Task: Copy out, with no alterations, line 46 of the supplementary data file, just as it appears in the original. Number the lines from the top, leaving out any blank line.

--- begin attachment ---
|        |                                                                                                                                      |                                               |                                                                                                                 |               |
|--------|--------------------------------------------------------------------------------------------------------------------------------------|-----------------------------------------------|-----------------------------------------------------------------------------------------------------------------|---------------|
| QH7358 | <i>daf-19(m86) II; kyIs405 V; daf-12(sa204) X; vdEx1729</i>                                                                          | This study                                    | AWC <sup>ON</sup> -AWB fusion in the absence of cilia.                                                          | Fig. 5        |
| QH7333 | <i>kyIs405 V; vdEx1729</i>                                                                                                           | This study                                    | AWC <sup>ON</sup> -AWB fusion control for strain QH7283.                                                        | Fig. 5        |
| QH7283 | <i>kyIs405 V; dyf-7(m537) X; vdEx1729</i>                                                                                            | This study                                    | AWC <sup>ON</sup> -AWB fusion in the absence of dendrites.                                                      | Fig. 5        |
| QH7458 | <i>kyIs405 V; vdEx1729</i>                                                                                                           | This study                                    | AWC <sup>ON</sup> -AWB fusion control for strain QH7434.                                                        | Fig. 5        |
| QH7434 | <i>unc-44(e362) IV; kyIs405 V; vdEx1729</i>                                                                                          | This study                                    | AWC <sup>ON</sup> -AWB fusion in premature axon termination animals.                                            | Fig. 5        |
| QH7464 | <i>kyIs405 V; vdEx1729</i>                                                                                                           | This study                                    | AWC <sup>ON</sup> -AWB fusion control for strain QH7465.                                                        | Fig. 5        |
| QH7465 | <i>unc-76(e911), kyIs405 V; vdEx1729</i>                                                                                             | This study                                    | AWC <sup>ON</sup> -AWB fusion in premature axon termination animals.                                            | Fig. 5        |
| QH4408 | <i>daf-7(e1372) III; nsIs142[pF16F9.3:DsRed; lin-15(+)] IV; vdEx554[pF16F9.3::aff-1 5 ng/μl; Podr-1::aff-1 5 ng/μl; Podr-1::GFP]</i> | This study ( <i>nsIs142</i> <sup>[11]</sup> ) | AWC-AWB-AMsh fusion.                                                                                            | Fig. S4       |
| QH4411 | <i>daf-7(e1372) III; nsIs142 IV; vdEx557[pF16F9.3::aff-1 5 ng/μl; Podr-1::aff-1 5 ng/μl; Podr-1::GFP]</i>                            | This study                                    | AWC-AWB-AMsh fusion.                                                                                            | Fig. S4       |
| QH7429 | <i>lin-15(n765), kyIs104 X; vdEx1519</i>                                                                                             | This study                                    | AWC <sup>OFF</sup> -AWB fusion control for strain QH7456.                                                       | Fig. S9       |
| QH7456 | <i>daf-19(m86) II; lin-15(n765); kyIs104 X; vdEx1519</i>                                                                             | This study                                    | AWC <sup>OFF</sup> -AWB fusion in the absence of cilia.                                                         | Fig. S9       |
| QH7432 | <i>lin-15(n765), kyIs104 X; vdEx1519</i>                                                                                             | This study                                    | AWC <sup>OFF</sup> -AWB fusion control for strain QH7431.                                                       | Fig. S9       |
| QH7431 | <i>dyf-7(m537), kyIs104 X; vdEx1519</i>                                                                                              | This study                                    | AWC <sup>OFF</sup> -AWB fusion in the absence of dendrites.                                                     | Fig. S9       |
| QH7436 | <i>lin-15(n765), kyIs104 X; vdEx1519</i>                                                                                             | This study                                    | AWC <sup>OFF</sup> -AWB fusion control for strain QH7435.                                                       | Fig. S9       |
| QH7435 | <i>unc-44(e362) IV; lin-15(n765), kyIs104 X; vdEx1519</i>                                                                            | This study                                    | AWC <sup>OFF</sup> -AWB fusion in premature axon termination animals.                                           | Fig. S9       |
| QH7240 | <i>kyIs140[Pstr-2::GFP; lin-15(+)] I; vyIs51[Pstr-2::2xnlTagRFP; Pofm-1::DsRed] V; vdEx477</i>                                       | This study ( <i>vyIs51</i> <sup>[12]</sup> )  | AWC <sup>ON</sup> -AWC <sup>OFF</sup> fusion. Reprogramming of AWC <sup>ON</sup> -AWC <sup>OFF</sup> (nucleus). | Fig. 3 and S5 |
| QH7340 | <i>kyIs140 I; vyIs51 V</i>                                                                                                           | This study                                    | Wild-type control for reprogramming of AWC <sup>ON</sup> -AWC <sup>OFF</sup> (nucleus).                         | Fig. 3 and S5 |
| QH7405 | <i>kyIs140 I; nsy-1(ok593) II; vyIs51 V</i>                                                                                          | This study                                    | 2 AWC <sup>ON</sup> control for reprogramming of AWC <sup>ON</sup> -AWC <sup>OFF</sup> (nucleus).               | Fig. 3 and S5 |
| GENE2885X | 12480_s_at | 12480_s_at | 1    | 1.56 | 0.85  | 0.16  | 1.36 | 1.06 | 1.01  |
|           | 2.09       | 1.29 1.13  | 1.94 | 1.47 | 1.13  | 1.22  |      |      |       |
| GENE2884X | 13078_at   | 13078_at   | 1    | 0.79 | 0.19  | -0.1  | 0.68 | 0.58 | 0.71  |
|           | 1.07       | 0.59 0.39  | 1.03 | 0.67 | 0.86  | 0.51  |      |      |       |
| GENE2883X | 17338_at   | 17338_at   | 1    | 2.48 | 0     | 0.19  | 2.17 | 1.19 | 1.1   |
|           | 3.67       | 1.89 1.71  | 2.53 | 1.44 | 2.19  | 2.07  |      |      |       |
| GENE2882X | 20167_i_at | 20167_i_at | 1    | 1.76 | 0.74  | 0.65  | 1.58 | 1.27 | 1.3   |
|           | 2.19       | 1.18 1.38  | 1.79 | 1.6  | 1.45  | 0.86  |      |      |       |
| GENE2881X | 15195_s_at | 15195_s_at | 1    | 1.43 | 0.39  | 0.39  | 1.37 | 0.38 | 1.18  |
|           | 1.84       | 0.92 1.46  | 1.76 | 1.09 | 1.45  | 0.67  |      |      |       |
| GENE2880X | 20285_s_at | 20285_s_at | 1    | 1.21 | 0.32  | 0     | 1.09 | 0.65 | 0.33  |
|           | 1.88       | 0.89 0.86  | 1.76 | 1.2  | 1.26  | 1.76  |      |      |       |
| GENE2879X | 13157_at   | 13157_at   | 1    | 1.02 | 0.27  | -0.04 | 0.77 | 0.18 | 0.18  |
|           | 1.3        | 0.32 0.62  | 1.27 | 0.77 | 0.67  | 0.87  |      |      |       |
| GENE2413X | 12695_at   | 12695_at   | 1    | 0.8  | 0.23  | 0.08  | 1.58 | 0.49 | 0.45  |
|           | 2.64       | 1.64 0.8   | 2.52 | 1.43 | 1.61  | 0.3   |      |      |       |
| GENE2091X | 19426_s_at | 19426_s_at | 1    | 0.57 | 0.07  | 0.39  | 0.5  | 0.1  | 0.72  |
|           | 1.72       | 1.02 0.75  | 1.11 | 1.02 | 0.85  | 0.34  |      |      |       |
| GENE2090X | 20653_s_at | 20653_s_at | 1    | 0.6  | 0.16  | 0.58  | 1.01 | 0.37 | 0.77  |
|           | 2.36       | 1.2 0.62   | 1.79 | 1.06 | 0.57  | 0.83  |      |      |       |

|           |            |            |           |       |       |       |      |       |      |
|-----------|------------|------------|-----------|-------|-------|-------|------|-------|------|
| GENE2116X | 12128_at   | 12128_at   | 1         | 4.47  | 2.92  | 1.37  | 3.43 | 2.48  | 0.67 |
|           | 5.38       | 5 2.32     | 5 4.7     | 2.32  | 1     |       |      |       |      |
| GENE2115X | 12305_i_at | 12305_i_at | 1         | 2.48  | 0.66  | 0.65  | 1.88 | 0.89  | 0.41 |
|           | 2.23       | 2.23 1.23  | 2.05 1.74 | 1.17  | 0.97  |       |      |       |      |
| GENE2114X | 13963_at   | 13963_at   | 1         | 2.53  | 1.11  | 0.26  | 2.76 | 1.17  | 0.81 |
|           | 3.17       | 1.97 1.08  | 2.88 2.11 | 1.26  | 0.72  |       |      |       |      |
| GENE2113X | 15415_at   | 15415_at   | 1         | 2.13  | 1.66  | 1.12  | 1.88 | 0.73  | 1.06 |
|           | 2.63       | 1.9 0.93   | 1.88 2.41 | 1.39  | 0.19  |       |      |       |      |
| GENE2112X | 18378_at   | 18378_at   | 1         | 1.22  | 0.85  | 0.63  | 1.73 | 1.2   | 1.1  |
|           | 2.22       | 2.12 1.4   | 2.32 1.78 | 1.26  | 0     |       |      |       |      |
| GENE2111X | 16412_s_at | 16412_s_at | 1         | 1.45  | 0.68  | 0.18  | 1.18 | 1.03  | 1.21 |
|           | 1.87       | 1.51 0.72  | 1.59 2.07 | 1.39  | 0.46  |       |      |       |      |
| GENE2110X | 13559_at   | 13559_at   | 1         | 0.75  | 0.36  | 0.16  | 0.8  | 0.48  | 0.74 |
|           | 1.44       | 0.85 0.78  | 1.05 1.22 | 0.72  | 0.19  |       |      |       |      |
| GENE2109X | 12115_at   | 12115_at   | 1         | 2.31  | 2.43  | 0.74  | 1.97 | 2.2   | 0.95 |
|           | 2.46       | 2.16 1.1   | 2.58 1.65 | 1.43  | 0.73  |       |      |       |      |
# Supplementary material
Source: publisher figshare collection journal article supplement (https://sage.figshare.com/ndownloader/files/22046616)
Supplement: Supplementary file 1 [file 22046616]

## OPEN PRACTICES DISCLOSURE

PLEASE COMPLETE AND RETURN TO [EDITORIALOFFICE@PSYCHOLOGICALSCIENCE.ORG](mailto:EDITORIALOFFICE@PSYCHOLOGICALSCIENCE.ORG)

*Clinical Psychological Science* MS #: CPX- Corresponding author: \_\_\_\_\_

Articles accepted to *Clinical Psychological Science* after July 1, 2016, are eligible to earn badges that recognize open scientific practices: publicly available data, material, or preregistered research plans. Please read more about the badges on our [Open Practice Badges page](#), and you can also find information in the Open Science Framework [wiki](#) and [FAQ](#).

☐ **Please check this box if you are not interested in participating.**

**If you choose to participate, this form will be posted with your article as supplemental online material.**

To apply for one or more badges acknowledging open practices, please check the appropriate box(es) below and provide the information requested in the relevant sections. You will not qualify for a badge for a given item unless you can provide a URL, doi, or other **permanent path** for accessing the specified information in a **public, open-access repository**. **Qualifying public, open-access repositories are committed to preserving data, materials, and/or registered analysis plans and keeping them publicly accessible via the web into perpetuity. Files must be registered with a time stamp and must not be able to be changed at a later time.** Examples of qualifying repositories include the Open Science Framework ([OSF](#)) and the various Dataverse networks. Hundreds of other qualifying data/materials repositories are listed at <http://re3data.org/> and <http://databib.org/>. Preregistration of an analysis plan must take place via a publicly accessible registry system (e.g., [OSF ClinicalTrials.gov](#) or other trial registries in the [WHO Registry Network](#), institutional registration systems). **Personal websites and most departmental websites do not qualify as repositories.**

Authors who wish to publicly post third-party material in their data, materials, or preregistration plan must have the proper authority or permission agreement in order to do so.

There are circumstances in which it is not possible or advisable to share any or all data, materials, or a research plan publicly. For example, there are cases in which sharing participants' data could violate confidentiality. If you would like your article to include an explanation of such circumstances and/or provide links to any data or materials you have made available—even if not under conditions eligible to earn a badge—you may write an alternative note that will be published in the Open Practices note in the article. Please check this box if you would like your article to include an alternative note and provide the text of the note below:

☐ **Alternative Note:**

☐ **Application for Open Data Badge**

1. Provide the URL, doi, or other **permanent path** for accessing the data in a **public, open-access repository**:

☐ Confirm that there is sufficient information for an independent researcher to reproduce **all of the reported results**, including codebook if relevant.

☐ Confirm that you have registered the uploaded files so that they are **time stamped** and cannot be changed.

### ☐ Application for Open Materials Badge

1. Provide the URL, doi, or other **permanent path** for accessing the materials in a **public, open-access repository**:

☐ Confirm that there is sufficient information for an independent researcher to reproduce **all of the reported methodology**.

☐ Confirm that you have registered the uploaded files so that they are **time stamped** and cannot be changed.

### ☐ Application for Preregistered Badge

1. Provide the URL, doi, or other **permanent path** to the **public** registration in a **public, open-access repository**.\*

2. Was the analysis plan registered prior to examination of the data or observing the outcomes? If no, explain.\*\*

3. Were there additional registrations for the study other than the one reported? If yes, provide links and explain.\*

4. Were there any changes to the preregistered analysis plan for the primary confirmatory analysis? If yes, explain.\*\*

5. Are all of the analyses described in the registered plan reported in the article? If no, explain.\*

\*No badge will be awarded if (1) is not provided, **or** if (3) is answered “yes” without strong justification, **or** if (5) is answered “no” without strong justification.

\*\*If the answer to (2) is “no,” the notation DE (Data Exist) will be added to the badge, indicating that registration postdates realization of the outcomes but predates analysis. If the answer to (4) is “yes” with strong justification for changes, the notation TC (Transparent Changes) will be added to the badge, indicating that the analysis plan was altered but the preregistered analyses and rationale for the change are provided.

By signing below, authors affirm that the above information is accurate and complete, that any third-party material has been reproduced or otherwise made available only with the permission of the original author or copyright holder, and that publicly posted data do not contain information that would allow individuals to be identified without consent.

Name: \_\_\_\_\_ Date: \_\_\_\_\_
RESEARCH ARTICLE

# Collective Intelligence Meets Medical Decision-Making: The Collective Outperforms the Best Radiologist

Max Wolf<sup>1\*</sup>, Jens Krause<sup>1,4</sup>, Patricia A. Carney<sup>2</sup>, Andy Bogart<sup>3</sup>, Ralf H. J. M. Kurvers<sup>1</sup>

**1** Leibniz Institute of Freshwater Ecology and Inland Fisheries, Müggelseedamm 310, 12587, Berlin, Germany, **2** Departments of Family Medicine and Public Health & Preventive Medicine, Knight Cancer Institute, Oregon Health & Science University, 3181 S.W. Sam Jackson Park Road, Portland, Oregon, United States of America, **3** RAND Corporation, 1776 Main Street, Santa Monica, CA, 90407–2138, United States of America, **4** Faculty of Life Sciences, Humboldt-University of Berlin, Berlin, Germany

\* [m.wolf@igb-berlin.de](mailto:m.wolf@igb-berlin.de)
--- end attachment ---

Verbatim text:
|           | 2.23       | 2.23 1.23  | 2.05 1.74 | 1.17  | 0.97  |       |      |       |      |